Thursday, 30 September 2010

Germany Makes Final World War One Debt Payment

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In a few days, Germany will pay off the last of its debts arising out of the Treaty of Versailles over 90 years ago. The German Federal Office of Central Services and Unresolved Property Issues will issue the bond to pay off the remaining $97 Million on that debt on the twentieth anniversary of the re-unification of Germany.

So ends one of the most insane and ugly legacies of global statecraft: The vindictive punishment of the German people after the end of the First World War.  The German people by 1918 were just as sick of the slaughter of “The Great War” as any other people. When Woodrow Wilson propounded his famous (or infamous) Fourteen Points, war-weary Germans eagerly accepted his promise in that document.

Wilson, however, was almost totally ignorant of European history. When perusing in Paris the ethnic maps of Europe, Wilson could not tell which nationalities resided in what parts of Europe. After he committed a neutral America to the course of war in a conflict without winners, leading American Doughboys to needless death and mayhem, causing an expansion of federal power and spending, and removing America from the role of an honest mediator — a role which the Vatican and neutral nations like Holland and Switzerland would have strongly supported — Wilson then presided over a Carthaginian Peace which all Europeans suspected would lead to a new general conflict.

The reparations placed on Germany after the Armistice (or cessation of warfare) and the susequent Treaty of Versailles, dragged on as German children starved to death under their onerous weight, making every single thoughtful German quietly furious at the democratic victors. Payment of this war debt was impossible, and German leaders who tried to honor this dishonorable debt obligation were despised by their countrymen. Almost inevitably, groups like the Nazis and the Bolsheviks entered the fray and hammered well-intentioned German leaders with attacks on the Versailles Treaty (often, in fact, the National Socialist and the Communist rhetoric did not just sound similar, but practically identical.) The Weimar Republic died upon those heavy attacks.

But it might not have been. All Europeans by 1919 were sickened beyond measure at the millions of dead and maimed young men lost in the needless First World War. Germans, initially, were just as eager as Frenchmen or Britons to preserve the peace. All Weimar politicians needed was some light at the end of the tunnel. The stripping of territories seized by Imperial Germany which were not naturally German (Holstein, Lorraine, part of the Polish Corridor) could be explained, but the annexation by France of  Alsace, the predominately German parts of the Polish Corridor, the Free City of Danzig, the Free City of Memel, and Austria violated Wilson’s own, much ballyhooed “National Sovereignty.” The more or less stated policy behind this was to keep Germany artificially weak.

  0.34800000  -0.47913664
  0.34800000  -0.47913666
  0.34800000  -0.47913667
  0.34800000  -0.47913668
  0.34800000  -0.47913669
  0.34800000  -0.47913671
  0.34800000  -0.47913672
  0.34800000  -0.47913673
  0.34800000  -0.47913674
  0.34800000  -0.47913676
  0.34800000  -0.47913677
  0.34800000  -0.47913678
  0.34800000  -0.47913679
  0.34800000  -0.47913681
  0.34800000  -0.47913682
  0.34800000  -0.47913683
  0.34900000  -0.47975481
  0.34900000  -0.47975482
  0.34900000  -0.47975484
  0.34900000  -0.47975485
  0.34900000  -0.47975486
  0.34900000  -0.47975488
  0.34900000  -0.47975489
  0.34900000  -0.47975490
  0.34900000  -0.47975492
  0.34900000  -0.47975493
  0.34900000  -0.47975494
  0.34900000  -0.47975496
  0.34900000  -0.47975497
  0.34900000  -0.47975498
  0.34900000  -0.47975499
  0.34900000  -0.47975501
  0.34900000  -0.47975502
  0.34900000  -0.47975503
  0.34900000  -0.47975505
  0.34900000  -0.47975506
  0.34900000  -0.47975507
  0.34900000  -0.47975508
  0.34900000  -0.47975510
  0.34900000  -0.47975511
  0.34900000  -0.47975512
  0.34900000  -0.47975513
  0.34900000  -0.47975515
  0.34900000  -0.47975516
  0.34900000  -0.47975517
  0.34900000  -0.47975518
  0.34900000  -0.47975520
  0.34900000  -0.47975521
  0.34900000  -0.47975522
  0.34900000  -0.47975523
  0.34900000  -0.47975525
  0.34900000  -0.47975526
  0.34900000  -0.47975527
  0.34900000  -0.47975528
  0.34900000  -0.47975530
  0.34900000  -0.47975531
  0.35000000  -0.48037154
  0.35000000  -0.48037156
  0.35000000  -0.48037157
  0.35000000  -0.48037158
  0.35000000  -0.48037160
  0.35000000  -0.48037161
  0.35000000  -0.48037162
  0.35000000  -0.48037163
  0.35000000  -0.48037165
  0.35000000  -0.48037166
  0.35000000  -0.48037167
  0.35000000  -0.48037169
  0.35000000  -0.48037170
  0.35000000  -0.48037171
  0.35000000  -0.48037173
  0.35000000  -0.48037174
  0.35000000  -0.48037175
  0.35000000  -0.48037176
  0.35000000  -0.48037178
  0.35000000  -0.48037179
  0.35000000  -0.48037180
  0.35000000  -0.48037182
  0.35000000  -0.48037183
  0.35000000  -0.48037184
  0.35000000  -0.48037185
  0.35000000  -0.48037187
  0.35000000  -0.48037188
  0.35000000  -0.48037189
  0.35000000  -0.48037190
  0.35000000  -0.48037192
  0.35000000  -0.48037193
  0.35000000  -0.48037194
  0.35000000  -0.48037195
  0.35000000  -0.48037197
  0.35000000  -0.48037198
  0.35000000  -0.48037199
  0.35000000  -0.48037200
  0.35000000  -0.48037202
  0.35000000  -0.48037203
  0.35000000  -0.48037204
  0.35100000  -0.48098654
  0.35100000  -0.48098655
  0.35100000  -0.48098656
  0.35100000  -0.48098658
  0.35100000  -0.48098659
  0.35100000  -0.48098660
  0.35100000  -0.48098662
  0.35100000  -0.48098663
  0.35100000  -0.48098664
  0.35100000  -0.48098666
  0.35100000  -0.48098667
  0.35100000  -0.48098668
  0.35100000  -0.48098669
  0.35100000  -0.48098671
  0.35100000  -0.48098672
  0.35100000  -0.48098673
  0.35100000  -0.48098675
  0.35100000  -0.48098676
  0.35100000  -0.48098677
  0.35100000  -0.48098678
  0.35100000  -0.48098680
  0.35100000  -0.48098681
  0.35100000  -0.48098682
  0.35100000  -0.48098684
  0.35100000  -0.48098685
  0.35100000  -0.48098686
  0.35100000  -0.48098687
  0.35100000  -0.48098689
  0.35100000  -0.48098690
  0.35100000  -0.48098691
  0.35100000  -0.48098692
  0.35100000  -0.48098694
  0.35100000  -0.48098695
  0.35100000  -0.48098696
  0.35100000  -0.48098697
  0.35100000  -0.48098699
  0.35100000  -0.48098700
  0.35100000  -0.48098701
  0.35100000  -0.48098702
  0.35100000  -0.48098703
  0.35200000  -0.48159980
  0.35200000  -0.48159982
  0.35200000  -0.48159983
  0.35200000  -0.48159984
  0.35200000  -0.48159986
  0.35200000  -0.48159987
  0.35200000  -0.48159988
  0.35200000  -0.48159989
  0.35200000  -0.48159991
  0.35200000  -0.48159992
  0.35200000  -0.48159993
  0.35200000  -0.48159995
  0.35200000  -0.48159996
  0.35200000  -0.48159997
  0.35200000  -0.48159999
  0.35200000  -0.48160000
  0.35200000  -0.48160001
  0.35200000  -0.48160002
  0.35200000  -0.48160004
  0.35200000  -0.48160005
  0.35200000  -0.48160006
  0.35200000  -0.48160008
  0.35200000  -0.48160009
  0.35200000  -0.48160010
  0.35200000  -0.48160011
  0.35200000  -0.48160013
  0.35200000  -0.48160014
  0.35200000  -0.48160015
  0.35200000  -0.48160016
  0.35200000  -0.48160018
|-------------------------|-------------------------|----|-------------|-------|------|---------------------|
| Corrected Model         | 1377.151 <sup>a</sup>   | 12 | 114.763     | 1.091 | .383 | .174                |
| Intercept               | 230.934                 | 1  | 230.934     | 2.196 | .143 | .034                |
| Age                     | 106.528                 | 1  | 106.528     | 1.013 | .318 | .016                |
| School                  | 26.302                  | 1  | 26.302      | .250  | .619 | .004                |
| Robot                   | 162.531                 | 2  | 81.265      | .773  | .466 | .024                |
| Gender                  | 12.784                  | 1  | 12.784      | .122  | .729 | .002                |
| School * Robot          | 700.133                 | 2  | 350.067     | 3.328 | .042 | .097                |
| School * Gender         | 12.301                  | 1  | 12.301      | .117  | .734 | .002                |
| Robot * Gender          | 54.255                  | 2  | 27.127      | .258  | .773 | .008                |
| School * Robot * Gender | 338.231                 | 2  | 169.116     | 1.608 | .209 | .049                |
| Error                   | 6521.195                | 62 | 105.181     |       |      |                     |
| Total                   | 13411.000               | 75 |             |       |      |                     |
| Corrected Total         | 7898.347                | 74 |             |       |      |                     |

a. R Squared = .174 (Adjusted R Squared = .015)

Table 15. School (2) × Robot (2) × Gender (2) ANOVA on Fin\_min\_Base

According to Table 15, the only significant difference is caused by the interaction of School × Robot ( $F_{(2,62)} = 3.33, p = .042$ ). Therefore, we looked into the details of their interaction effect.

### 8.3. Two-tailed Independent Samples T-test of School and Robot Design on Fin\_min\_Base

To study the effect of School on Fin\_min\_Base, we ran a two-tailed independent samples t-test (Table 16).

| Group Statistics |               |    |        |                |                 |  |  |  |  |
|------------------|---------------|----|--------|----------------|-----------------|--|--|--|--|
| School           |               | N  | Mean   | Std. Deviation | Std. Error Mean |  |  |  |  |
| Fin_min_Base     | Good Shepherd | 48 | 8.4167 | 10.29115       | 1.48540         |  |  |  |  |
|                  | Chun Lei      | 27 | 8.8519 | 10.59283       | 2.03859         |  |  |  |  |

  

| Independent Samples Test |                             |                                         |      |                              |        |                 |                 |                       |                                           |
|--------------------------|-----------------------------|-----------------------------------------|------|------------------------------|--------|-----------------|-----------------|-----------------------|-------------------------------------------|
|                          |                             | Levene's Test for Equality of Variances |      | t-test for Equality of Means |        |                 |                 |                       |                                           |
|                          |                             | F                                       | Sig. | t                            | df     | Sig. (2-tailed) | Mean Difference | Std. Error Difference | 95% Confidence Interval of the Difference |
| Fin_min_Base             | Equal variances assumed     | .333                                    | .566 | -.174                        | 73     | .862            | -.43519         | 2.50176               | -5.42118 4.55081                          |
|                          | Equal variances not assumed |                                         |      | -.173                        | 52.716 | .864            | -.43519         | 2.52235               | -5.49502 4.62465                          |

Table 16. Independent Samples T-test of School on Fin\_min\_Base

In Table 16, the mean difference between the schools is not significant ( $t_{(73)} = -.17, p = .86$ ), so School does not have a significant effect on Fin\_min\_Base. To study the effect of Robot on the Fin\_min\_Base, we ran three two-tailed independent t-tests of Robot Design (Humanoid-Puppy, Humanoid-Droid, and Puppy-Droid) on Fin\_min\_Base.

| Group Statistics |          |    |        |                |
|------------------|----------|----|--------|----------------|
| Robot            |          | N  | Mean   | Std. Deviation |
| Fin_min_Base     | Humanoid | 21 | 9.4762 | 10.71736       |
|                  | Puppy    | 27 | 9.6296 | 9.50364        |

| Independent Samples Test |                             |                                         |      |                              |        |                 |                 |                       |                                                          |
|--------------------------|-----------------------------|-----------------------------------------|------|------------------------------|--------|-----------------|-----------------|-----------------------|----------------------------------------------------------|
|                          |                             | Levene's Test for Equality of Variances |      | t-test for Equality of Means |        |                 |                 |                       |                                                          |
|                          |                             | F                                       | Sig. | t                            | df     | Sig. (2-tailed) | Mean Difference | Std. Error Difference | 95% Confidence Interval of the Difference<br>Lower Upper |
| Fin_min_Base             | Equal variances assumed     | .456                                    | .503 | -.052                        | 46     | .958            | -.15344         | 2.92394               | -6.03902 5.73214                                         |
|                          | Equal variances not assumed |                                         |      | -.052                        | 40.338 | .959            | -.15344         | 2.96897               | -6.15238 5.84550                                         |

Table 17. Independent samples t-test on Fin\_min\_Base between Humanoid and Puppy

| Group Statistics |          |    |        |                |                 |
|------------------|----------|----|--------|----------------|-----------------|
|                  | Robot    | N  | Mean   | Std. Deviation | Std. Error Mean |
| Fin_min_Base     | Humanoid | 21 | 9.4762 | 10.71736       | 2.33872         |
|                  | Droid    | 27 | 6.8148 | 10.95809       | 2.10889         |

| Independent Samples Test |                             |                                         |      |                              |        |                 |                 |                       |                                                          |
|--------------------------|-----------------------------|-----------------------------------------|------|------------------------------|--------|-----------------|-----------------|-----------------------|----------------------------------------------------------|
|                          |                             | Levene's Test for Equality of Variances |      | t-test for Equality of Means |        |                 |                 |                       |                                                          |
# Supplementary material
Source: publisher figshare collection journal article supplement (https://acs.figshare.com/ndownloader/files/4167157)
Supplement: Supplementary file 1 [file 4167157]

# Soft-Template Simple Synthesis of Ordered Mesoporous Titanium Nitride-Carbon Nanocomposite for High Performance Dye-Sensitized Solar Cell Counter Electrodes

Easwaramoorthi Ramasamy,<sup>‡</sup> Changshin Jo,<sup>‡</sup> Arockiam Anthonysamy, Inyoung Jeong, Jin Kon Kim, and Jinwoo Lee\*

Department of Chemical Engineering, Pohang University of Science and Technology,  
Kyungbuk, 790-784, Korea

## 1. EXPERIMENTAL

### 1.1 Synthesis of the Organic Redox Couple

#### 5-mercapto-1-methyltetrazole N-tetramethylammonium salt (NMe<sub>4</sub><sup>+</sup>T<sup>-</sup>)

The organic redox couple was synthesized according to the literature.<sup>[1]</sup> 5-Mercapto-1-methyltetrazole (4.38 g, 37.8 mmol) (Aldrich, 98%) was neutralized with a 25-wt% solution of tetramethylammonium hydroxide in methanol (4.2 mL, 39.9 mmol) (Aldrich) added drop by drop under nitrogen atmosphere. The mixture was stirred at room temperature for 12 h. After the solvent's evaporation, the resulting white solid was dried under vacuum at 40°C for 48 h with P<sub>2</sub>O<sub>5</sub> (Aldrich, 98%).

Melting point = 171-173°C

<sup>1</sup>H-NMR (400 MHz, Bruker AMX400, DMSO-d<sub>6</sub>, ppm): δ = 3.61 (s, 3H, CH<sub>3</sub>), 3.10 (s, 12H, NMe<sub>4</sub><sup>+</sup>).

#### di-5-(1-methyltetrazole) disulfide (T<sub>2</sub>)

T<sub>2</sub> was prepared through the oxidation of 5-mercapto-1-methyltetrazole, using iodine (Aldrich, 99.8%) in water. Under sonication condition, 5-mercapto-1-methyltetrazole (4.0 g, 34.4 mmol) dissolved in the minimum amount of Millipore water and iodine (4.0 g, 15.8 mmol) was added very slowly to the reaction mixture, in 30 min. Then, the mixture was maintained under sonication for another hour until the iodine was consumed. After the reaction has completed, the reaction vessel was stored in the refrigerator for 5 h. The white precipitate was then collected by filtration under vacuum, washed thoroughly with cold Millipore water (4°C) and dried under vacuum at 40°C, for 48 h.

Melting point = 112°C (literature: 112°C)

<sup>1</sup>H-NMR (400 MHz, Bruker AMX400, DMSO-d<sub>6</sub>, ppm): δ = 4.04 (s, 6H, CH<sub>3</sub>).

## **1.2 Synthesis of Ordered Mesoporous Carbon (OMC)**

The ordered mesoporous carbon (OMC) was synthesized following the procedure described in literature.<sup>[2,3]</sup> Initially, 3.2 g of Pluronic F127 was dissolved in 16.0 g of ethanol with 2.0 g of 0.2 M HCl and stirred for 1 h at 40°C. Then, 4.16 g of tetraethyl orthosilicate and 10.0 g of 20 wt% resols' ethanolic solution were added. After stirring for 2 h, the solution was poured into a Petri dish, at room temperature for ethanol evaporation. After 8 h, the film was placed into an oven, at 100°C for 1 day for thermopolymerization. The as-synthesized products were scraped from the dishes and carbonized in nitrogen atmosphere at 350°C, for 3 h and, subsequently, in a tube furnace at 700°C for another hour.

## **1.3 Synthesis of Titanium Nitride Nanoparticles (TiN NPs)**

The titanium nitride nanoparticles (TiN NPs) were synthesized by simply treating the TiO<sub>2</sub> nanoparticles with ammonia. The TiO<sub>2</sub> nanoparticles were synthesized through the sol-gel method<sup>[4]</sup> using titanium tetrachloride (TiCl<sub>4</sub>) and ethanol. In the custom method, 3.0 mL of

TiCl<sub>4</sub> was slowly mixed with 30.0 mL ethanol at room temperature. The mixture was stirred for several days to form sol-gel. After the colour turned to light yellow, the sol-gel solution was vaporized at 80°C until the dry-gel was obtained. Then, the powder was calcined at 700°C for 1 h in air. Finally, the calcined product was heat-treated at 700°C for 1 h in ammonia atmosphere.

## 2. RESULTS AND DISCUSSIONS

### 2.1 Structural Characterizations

And then the reparations ensured that a generation of Germans would grow up bitter and impoverished. It forced the German government into fiscal machinations which soon led to hyperinflation and then general collapse of the German middle class. Wilson, without whose help a fair negotiated peace would have been likely, provided Hitler with the very arguments which made him appeal to otherwise decent Germans.

The contrast between the Versailles war debts and the actions of Chancellor Adenauer in the 1950s could not have been clearer. Unasked, Adenauer, the Christian Democrat leader who was imprisoned by the Nazis, approached Israel and asked to pay reparations for the Holocaust. Arrangements were reached and voluntary payments by Germany — West Germany only, the Communist East Germany never paid Jewish victims of the Holocaust a penny — helped heal wounds over the Holocaust. The fact that it was unforced was critical. How ironic that these payments were completed decades ago, while the catastrophic war-guilt payments of the Versailles Treaty are just now being marked “paid in full.” It was mankind, of course, that made the payments in blood, misery, and treasure. 

 

Photo: Georges Clemenceau, of France, and Woodrow Wilson, of the United States in Versailles for the Treaty of Versailles, which officially ended World War I, in this 1919 photo: AP Images

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